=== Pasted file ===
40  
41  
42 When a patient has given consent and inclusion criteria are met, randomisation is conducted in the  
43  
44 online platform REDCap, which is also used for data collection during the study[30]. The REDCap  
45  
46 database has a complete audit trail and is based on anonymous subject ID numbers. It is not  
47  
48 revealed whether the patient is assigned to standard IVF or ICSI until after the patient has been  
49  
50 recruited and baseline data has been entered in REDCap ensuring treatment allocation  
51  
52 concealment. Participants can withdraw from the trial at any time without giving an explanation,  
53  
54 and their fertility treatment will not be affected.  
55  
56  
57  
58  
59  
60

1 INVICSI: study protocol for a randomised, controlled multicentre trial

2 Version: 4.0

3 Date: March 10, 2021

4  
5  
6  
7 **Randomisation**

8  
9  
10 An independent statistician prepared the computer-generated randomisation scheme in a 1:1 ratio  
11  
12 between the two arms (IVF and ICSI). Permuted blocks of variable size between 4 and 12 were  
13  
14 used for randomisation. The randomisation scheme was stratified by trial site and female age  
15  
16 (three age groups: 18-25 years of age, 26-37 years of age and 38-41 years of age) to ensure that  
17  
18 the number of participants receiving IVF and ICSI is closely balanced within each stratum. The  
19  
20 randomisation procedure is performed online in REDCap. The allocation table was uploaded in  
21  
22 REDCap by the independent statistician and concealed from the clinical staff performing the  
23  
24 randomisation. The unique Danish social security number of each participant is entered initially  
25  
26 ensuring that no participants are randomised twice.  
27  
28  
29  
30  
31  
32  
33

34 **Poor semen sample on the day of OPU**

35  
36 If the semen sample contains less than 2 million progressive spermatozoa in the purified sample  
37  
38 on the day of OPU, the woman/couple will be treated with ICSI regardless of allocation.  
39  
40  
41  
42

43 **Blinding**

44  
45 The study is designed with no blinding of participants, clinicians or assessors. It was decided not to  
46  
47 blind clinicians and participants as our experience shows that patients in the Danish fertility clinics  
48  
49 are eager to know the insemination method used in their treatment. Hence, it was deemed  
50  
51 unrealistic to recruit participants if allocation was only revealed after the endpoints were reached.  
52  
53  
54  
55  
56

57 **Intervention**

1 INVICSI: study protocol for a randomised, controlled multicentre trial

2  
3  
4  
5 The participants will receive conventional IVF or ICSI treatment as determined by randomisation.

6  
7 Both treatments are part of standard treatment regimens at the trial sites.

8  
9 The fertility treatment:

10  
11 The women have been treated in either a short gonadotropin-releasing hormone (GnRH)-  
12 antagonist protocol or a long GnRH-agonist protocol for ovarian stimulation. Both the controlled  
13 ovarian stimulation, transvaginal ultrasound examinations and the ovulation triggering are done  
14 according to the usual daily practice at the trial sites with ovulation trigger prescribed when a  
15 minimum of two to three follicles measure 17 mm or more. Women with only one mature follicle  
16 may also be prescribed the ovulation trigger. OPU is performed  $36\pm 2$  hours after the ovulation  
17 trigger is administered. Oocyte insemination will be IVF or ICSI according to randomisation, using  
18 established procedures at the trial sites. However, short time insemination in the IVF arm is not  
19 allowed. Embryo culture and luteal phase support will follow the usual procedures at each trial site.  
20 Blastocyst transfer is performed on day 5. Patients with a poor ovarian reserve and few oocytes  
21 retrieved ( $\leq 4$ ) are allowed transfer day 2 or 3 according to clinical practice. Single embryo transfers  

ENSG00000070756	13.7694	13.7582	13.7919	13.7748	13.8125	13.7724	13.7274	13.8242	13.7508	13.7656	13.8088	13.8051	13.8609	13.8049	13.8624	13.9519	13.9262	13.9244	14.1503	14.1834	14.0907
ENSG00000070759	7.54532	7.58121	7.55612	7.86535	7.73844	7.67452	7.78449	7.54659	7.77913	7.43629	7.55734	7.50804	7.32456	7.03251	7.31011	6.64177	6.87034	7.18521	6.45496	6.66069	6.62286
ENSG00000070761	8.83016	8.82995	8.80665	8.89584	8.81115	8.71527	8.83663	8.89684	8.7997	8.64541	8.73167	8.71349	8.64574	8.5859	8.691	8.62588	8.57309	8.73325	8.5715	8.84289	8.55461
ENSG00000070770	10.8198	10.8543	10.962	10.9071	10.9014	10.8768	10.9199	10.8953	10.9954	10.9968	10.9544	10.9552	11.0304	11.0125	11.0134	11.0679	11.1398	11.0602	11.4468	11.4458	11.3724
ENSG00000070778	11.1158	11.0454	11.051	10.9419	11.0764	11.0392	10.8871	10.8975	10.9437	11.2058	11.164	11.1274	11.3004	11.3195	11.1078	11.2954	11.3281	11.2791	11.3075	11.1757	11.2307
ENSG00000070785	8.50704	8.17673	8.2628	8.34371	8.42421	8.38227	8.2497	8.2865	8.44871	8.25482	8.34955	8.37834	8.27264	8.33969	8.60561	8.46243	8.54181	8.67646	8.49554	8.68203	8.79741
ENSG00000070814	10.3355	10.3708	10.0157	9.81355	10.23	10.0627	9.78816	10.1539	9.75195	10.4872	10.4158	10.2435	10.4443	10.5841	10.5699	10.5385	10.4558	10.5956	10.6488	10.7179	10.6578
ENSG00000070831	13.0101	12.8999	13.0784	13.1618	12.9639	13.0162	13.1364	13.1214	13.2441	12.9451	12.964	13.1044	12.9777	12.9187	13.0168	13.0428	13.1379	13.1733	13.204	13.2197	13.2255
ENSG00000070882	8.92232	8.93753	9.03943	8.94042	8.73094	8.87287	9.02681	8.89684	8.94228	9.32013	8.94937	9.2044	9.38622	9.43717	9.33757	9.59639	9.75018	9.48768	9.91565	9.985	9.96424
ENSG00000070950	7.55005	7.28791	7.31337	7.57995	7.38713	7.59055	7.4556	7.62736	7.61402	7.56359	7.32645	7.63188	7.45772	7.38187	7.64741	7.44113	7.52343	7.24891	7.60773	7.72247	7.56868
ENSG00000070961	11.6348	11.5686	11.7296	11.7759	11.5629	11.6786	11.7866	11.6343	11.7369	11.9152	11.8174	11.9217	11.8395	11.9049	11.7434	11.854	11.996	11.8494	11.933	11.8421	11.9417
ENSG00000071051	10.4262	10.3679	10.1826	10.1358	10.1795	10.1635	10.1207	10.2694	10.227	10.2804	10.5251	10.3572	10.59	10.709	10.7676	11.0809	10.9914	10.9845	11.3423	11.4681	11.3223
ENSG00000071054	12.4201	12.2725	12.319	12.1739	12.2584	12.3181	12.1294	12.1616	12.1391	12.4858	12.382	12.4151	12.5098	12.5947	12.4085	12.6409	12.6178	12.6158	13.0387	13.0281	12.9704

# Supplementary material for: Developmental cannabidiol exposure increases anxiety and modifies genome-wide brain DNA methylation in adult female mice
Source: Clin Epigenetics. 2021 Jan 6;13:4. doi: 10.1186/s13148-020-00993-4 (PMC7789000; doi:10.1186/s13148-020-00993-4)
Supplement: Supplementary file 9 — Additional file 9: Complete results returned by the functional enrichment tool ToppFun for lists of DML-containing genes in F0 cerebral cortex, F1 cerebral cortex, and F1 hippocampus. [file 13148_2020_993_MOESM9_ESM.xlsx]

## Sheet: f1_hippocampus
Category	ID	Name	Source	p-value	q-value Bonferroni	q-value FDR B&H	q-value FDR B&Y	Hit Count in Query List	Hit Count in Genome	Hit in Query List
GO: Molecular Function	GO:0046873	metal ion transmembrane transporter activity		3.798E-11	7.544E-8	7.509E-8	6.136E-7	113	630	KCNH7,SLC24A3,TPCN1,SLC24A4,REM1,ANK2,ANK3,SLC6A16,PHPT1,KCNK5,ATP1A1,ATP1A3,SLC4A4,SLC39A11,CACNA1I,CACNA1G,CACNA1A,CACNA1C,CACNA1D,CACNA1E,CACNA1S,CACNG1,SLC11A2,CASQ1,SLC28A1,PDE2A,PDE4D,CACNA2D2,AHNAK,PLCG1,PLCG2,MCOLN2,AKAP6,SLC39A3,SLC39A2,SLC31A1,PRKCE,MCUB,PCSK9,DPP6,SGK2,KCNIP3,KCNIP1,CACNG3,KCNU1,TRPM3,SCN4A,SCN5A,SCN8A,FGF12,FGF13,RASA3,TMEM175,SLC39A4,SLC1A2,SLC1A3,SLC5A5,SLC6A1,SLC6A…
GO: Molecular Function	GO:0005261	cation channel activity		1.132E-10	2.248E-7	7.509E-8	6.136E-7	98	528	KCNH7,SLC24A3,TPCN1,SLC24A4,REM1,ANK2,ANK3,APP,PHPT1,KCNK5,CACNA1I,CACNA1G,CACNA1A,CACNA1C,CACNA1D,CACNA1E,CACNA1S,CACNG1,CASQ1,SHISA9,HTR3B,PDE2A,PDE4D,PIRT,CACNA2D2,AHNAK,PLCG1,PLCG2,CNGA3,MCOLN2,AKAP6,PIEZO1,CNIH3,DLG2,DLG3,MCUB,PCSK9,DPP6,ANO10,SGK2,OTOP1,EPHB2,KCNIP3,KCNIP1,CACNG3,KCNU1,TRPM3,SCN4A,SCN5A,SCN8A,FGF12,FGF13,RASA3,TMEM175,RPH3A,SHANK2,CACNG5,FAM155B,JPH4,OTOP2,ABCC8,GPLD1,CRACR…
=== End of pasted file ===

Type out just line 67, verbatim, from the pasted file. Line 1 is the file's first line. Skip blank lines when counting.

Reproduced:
46  